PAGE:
Bells tolled in this shattered city Tuesday morning, marking the moment one year earlier when New Orleans' levees buckled and unleashed a torrent of water that ripped homes from their foundations and sent half the city into an uncertain exile.
As the bells rang, survivors of the storm gathered outside City Hall.
"I felt like I needed to be here. It's like a funeral, and life goes on after today," said Gayla Dunn, 33, of New Orleans.
Mayor Ray Nagin told the crowd the anniversary was a difficult day for everyone, including himself. "Trust me. We will get through it. We will get through it together," he said.
As Nagin spoke at City Hall, President Bush and first lady Laura Bush sang a hymn inside St. Louis Cathedral in the French Quarter, which survived Katrina's cyclonic winds and was untouched by the flooding.
Hurricane Katrina made landfall 65 miles south of the city in the tiny fishing village of Buras. Within hours, New Orleans' protective levees collapses, causing one of the worst natural disasters in U.S. history which killed over 1,800 people.
One year later, the Gulf Coast commemorated the storm that brought the region to its breaking point.
In pockmarked neighborhoods choked with weeds, in church pews and in gutted community centers, residents held public and private vigils. At each of the city's broken levees, they tossed wreaths of flowers, sending them bobbing into calm, black water.
Under an equally calm sky in Gulfport, Mississippi, the community remembered 14 residents lost to the storm. Firefighters and police officers carried 14 red roses, placing them in a ceremonial vase.
The daughter of an 83-year-old man who drowned in his home last year clutched one of the roses after the service. "I'm hoping this is a step forward. I've been crying for a year and I'm tired of crying," said Carolyn Bozzetti, 60.
In St. Bernard Parish, where just about every building was flooded after the levees buckled, 400 people gathered for mass at Our Lady of Prompt Succor, a church named for the saint to whom Catholics in Louisiana traditionally pray for protection from hurricanes. The water had risen just high enough to graze the feet of a golden statue of Our Lady Of Prompt Succor beside the altar.
The working class community adjacent to New Orleans' Ninth Ward lost 129 people to the flooding.
"We are alive," said the Rev. Danny Digal. "One year, and we're still here."
Later, in one of the Crescent City's age-old traditions, a jazz funeral will wind through downtown streets, beginning with a somber dirge and ending with a song of joy.
Others planned to mark the anniversary privately.
"I'm going to pray to the good Lord that he put his arms around the levees. I'm praying that he hug the levees tight so they don't break again, that he keep us safe," said 58-year-old Doretha Kitchens, whose home in the Lower Ninth Ward was submerged under a 10-foot wave.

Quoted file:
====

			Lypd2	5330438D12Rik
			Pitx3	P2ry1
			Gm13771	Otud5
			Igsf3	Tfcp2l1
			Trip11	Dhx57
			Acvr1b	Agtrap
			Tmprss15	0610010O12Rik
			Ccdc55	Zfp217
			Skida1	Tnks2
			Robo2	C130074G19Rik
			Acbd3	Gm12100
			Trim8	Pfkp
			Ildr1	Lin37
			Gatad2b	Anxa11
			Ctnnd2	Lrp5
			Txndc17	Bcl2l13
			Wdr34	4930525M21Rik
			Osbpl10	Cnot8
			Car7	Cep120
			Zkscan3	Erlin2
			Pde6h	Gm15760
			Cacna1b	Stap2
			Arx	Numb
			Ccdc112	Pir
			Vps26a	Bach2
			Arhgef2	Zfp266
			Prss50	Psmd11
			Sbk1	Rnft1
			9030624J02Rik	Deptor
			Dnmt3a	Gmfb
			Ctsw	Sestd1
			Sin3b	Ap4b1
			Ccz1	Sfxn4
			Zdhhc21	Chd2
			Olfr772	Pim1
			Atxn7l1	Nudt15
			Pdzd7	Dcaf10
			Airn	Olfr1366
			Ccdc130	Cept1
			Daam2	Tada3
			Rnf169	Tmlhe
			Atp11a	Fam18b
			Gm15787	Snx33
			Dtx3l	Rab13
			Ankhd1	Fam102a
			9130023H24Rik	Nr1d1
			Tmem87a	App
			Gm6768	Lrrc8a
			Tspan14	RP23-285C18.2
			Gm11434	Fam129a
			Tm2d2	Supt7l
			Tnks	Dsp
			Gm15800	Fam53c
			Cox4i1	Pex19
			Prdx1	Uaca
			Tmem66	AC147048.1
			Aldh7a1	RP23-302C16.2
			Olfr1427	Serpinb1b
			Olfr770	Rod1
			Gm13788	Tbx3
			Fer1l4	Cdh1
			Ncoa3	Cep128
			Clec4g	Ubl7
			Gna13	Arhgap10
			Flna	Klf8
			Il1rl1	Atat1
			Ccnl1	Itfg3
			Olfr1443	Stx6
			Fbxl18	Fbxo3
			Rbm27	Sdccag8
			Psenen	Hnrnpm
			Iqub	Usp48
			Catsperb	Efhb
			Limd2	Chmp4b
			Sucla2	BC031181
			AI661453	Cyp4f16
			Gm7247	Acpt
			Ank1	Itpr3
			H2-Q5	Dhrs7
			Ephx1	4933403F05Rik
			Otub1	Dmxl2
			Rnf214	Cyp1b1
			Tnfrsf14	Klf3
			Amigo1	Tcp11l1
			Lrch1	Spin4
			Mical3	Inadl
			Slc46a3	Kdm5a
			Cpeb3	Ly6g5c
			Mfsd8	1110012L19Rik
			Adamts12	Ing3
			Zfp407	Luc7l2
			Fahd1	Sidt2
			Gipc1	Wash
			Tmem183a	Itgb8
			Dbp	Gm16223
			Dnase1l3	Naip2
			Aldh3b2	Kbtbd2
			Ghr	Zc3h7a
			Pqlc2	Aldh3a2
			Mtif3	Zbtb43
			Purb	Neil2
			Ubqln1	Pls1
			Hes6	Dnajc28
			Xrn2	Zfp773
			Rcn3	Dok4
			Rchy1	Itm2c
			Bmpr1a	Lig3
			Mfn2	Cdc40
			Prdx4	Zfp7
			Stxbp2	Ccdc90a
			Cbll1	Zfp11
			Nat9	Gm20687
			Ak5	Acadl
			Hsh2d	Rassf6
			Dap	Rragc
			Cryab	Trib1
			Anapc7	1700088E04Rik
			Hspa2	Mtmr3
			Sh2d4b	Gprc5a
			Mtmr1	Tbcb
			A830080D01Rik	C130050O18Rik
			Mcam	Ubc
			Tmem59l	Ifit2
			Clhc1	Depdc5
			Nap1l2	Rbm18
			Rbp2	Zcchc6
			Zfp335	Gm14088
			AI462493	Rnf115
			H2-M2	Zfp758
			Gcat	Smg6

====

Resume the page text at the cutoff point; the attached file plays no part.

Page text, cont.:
Katrina grazed Florida before making landfall on August 29, 2005, in Buras, a fishing village south of New Orleans on one of the fingers of land jutting out into the Gulf of Mexico. Entire blocks of houses, bars and shops vanished, whipped into the Gulf by a wall of water 21 feet high.
In New Orleans, the sun came out after the violent winds subsided, but the worst was yet to come: The industrial canal began to leak, and when two sections of the wall fell, a muddy torrent was released that yanked homes off their foundations.
Throughout the city, other parts of the levee system began to fail. With each breach came a gush of water, until 80 percent of the city was submerged.
Nearly 1,600 people died just in Louisiana and another 231 were killed in Mississippi, while the rest of the nation watched in horror as survivors begged to be rescued from rooftops and freeway overpasses. Forty-nine bodies remain unidentified in a Louisiana morgue.
The reminders of the destruction -- and how far the city still has to go -- are everywhere.
White trailers still line driveways in neighborhoods where piles of debris and unchecked weeds have overtaken abandoned houses. Only half the population has returned. Emergency medical care is doled out in an abandoned department store, while six of New Orleans' nine hospitals remain closed. Only 54 of 128 public schools are expected to open this fall.
The road to Buras, a sleepy fishing town, is still strewn with boats tossed asunder. With no mail service, residents drive 100 miles roundtrip to pay their bills. One small grocery store offers toilet paper, milk and a few other necessities.
"Lots of people used to say there was nothing down here. Now, there really is nothing down here," said Patricia Bairnsfather, 45, who observed the moment of silence.
The one-year mark is a reminder of also a reminder of how far each survivor has come. In Gulfport, overlooking the calm waters of the Mississippi sound which a year ago flooded the shoreline, Mayor Brent Warr reminded the gathering: "We're not well. We're not finished, But I will say this: We've made it. Let's move on. Let's move forward. Let's do that together."